Oregon Health & Science University neuroscientists are eyeing a protein as a potential therapeutic target for multiple sclerosis because de-activating it protects nerve fibers from damage.
OHSU researchers, working with colleagues at the Portland Veterans Affairs Medical Center and the University of Padova in Italy, have shown that genetically inactivating a protein called cyclophilin D can protect nerve fibers in a mouse model of multiple sclerosis. Cyclophin D is a key regulator of molecular processes in the nerve cell's powerhouse, the mitochondrion, and can participate in nerve fiber death. Inactivating cyclophilin D strengthens the mitochondrion, helping to protect nerve fibers from injury.
"We're extremely excited," said Michael Forte, Ph.D., senior scientist at the Vollum Institute at OHSU and the study's lead author. "While we can't genetically inactivate cyclophilin D in people, there are drugs out there that can block the protein. Our research predicts that drugs that block cyclophilin D should protect nerve fibers from damage in MS."
Such a drug would be the first therapy specifically for secondary-progressive MS, one of the more debilitating forms of MS involving an initial period of relapsing and remitting, followed by a steady worsening of symptoms. It affects half of the estimated 2 million people with MS.
The only available therapies for MS are anti-inflammatory drugs, which reduce the inflammation believed to spur certain T-cells in the body to attack myelin, the fatty sheath insulating nerve fibers in the brain and spinal cord. The fibers can't conduct impulses, leading to paralysis, memory loss, dizziness, fatigue, pain and imbalance. Over time, the nerve fibers themselves degenerate, leading to permanent functional deficits.
"All MS drugs available right now are anti-inflammatory," said study co-author Dennis Bourdette, M.D., professor and chairman of neurology in the OHSU School of Medicine, and director of the OHSU MS Center of Oregon. "What is desperately needed is a therapeutic that protects the nerve fibers from degeneration."
In recent years, scientists have increasingly viewed MS as a neurodegenerative disorder rather than simply an inflammatory one. Loss of nerve cells, injury to nerve fibers and atrophy within the central nervous system occur progressively from the start of the disease, eventually leading to permanent disability, especially in patients who've had MS for many years.
"What puts people in wheelchairs from MS is not an inflammatory attack on myelin of the central nervous system. It's the severing of the axons (nerve fibers), which is a permanent thing," Forte said.
Inflammation triggers a chain of molecular events that leads to progressive nerve fiber deterioration in MS, including the development of free radicals such as reactive oxygen and nitrogen that slow the cell's energy generation capability. It also throws off mitochondrial function by causing calcium to build up in the cell, reducing levels of ATP that serves as the cell's fuel source.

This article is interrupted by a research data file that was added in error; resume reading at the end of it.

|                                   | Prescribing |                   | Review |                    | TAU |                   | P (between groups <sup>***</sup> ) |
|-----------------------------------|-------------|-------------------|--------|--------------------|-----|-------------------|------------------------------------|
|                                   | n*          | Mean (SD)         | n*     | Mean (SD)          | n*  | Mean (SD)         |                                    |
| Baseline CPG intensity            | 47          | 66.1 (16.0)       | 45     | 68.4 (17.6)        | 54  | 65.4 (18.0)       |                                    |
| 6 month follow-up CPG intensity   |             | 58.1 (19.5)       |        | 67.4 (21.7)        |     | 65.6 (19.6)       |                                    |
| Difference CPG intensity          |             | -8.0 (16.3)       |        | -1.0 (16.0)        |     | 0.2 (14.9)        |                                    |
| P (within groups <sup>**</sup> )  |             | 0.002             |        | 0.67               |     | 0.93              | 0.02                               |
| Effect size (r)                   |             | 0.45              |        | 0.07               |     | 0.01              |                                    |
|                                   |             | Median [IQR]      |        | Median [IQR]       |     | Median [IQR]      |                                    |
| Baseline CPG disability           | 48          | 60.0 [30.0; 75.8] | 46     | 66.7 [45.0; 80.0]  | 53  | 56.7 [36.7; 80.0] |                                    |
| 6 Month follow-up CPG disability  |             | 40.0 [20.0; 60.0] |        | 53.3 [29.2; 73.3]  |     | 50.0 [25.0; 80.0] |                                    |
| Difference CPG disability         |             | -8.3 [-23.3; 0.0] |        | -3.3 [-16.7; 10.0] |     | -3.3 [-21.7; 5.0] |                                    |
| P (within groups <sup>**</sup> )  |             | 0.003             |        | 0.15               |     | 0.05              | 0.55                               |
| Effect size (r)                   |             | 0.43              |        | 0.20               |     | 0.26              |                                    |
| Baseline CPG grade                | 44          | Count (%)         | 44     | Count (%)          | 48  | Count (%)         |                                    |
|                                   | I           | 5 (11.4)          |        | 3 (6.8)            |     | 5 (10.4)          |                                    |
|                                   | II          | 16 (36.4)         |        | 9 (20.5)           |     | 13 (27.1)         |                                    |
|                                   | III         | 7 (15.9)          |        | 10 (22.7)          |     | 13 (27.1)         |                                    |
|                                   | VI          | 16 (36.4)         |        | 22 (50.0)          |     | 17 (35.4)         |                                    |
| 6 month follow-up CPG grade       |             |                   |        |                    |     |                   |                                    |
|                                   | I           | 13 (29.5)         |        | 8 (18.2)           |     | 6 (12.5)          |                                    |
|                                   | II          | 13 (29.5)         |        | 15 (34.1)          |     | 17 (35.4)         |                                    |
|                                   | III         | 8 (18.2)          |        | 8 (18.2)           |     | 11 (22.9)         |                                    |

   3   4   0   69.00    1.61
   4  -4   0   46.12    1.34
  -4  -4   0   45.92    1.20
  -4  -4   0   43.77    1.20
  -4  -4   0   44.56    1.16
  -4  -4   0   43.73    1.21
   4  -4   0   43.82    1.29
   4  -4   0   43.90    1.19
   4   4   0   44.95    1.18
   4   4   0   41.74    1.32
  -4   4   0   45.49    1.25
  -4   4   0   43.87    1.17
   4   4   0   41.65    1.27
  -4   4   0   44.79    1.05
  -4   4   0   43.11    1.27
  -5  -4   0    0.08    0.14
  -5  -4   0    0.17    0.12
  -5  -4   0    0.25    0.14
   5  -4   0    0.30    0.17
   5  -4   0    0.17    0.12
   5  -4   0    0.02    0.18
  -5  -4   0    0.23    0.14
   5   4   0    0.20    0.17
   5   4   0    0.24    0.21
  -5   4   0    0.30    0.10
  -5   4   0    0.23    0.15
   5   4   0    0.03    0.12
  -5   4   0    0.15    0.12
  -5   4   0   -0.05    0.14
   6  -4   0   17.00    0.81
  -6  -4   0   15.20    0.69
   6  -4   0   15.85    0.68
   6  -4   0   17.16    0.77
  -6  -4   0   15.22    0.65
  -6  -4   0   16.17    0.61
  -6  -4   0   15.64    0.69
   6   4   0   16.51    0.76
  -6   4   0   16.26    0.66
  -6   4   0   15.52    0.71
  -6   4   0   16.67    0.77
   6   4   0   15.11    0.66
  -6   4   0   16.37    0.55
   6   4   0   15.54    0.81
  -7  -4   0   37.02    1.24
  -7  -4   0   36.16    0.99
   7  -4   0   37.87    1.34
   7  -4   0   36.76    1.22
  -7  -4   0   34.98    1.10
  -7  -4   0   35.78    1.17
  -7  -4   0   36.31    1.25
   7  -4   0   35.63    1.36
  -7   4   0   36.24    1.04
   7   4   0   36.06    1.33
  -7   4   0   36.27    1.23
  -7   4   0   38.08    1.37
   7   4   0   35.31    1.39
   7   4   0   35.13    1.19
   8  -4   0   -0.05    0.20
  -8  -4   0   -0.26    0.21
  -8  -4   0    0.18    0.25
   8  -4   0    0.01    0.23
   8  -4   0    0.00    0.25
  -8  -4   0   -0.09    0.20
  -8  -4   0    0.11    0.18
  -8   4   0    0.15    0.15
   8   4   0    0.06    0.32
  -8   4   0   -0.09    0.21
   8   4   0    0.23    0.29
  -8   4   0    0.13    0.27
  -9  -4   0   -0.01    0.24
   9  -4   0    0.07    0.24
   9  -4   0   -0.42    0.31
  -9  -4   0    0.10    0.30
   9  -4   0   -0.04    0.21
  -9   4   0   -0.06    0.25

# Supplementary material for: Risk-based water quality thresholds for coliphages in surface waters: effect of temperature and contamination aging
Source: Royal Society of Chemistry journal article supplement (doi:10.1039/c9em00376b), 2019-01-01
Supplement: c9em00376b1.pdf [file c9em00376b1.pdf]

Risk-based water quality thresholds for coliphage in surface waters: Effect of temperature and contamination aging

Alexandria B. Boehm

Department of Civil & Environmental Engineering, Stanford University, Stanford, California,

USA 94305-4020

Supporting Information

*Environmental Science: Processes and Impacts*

But scientists believe that cyclophilin D is responsible for causing the unregulated opening of a pore in the mitochondrion's membrane that allows the calcium overload. The OHSU team showed that mice lacking cyclophilin D still developed an MS-like disease, but unlike their counterparts possessing the protein, the mutant mice partially recovered. Scientists found their nerve fibers remained intact, and they resisted the free radicals and calcium overload.
"What we've done is make it so the mitochondria can tolerate higher loads of calcium before they die," Forte said. "The mutant mice are protected from axonal damage associated with this MS-like disease in mice."
The scientists are now testing drugs that could be used to shut down the cyclophilin D protein and the mitochondrion pore it activates. "If you basically inhibited that protein with a drug, you would see the same axonal preservation that you saw in the mutant mouse," Forte said.
One class of compounds Forte and Bourdette are particularly interested in is non-immunosuppressive derivative of cyclosporin A (CsA). Some nonimmunsuppressive derivatives of cyclosporin A are in human trials for other conditions. Because these drugs are already being tested in humans, they could be rapidly tested in MS. Bourdette believes that a cyclophilin D antagonist could potentially become available as a treatment for MS within five years.
"We don't have to invent the drugs to target this protein. They already exist," Bourdette said.
Such a therapy can't come soon enough for 36-year-old West Linn, Ore. resident Laura Wieden, who has suffered since 1995 from relapsing-remitting MS that's caused weakness in both legs and forced her to ride a Segway personal transportation device or a wheelchair. "For me, it's fabulous," she said. "If you can prevent MS, that's great, but what about the millions of people who have it? They need something that keeps the cells from dying. This just holds so much promise."
Wieden's father, Dan Wieden, co-founder of Portland-based Wieden + Kennedy advertising agency, set up a fund in his daughter's name – the Laura Fund for Innovation in Multiple Sclerosis Research – to support MS research that pushes traditional boundaries to discovery. The discovery by Forte, Bourdette and their team, which was funded in part by the foundation, fits the bill, he said.
"It goes to prove that sometimes the big breakthroughs do not come from the more traditional lines of inquiry," he said. "What I appreciate about our relationship with OHSU is that there seems to be a sense of urgency about these projects. And it's been beneficial for us to develop a more personal relationship with the researchers. That way it becomes not just an academic exercise, but a very passionate inquiry on their part."
Source: Oregon Health & Science University.